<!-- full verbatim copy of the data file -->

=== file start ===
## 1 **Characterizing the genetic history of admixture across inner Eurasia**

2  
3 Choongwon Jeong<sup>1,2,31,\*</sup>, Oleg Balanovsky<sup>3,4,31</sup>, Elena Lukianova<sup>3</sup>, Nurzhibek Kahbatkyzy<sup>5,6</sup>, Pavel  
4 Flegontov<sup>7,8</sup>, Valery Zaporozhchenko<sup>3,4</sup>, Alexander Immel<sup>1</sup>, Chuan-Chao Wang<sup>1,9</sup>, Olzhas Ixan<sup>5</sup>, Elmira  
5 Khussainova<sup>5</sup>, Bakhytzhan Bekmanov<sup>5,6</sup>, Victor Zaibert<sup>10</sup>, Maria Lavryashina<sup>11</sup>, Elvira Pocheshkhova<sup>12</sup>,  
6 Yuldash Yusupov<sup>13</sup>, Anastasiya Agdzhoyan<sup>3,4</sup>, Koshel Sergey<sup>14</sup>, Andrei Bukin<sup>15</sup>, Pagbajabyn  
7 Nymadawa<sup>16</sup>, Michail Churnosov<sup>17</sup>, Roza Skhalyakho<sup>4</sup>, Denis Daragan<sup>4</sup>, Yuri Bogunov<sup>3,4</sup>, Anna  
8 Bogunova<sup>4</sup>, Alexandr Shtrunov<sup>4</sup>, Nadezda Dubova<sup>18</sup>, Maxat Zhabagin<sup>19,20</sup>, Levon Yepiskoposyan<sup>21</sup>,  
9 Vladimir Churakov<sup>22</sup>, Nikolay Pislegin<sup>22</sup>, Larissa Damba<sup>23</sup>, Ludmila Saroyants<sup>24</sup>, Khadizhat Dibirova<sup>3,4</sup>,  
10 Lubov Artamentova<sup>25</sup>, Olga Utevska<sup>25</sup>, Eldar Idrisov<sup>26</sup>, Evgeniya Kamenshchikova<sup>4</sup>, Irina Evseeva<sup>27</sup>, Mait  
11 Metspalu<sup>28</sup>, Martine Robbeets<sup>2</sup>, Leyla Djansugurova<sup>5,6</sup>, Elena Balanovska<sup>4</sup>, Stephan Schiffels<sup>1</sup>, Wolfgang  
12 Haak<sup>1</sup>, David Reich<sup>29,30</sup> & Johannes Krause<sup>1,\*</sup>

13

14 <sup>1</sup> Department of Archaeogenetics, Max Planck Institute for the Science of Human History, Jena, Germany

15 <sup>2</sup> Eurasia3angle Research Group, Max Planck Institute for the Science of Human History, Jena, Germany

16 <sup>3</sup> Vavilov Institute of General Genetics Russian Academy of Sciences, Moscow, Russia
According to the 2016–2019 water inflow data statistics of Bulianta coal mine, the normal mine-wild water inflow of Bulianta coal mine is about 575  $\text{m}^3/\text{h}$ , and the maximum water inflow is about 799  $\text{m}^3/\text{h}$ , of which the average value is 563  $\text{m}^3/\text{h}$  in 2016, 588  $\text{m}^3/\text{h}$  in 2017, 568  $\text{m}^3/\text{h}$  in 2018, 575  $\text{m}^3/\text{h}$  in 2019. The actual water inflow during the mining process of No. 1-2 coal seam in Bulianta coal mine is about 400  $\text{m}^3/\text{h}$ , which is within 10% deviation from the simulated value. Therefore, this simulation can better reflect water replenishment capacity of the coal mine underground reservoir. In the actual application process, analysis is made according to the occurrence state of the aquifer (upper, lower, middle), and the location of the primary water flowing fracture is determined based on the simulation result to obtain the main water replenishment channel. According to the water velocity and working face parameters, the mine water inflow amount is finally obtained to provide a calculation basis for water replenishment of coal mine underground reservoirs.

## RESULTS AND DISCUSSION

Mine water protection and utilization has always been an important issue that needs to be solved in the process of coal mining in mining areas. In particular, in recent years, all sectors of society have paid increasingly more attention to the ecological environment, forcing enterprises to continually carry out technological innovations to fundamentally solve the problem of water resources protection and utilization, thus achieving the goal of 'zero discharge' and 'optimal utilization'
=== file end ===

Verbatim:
## 1 **Characterizing the genetic history of admixture across inner Eurasia**

2  
3 Choongwon Jeong<sup>1,2,31,\*</sup>, Oleg Balanovsky<sup>3,4,31</sup>, Elena Lukianova<sup>3</sup>, Nurzhibek Kahbatkyzy<sup>5,6</sup>, Pavel  
4 Flegontov<sup>7,8</sup>, Valery Zaporozhchenko<sup>3,4</sup>, Alexander Immel<sup>1</sup>, Chuan-Chao Wang<sup>1,9</sup>, Olzhas Ixan<sup>5</sup>, Elmira  
5 Khussainova<sup>5</sup>, Bakhytzhan Bekmanov<sup>5,6</sup>, Victor Zaibert<sup>10</sup>, Maria Lavryashina<sup>11</sup>, Elvira Pocheshkhova<sup>12</sup>,  
6 Yuldash Yusupov<sup>13</sup>, Anastasiya Agdzhoyan<sup>3,4</sup>, Koshel Sergey<sup>14</sup>, Andrei Bukin<sup>15</sup>, Pagbajabyn  
7 Nymadawa<sup>16</sup>, Michail Churnosov<sup>17</sup>, Roza Skhalyakho<sup>4</sup>, Denis Daragan<sup>4</sup>, Yuri Bogunov<sup>3,4</sup>, Anna  
8 Bogunova<sup>4</sup>, Alexandr Shtrunov<sup>4</sup>, Nadezda Dubova<sup>18</sup>, Maxat Zhabagin<sup>19,20</sup>, Levon Yepiskoposyan<sup>21</sup>,  
9 Vladimir Churakov<sup>22</sup>, Nikolay Pislegin<sup>22</sup>, Larissa Damba<sup>23</sup>, Ludmila Saroyants<sup>24</sup>, Khadizhat Dibirova<sup>3,4</sup>,  
10 Lubov Artamentova<sup>25</sup>, Olga Utevska<sup>25</sup>, Eldar Idrisov<sup>26</sup>, Evgeniya Kamenshchikova<sup>4</sup>, Irina Evseeva<sup>27</sup>, Mait  
11 Metspalu<sup>28</sup>, Martine Robbeets<sup>2</sup>, Leyla Djansugurova<sup>5,6</sup>, Elena Balanovska<sup>4</sup>, Stephan Schiffels<sup>1</sup>, Wolfgang  
12 Haak<sup>1</sup>, David Reich<sup>29,30</sup> & Johannes Krause<sup>1,\*</sup>

13

14 <sup>1</sup> Department of Archaeogenetics, Max Planck Institute for the Science of Human History, Jena, Germany

15 <sup>2</sup> Eurasia3angle Research Group, Max Planck Institute for the Science of Human History, Jena, Germany

16 <sup>3</sup> Vavilov Institute of General Genetics Russian Academy of Sciences, Moscow, Russia
According to the 2016–2019 water inflow data statistics of Bulianta coal mine, the normal mine-wild water inflow of Bulianta coal mine is about 575  $\text{m}^3/\text{h}$ , and the maximum water inflow is about 799  $\text{m}^3/\text{h}$ , of which the average value is 563  $\text{m}^3/\text{h}$  in 2016, 588  $\text{m}^3/\text{h}$  in 2017, 568  $\text{m}^3/\text{h}$  in 2018, 575  $\text{m}^3/\text{h}$  in 2019. The actual water inflow during the mining process of No. 1-2 coal seam in Bulianta coal mine is about 400  $\text{m}^3/\text{h}$ , which is within 10% deviation from the simulated value. Therefore, this simulation can better reflect water replenishment capacity of the coal mine underground reservoir. In the actual application process, analysis is made according to the occurrence state of the aquifer (upper, lower, middle), and the location of the primary water flowing fracture is determined based on the simulation result to obtain the main water replenishment channel. According to the water velocity and working face parameters, the mine water inflow amount is finally obtained to provide a calculation basis for water replenishment of coal mine underground reservoirs.

## RESULTS AND DISCUSSION

Mine water protection and utilization has always been an important issue that needs to be solved in the process of coal mining in mining areas. In particular, in recent years, all sectors of society have paid increasingly more attention to the ecological environment, forcing enterprises to continually carry out technological innovations to fundamentally solve the problem of water resources protection and utilization, thus achieving the goal of 'zero discharge' and 'optimal utilization'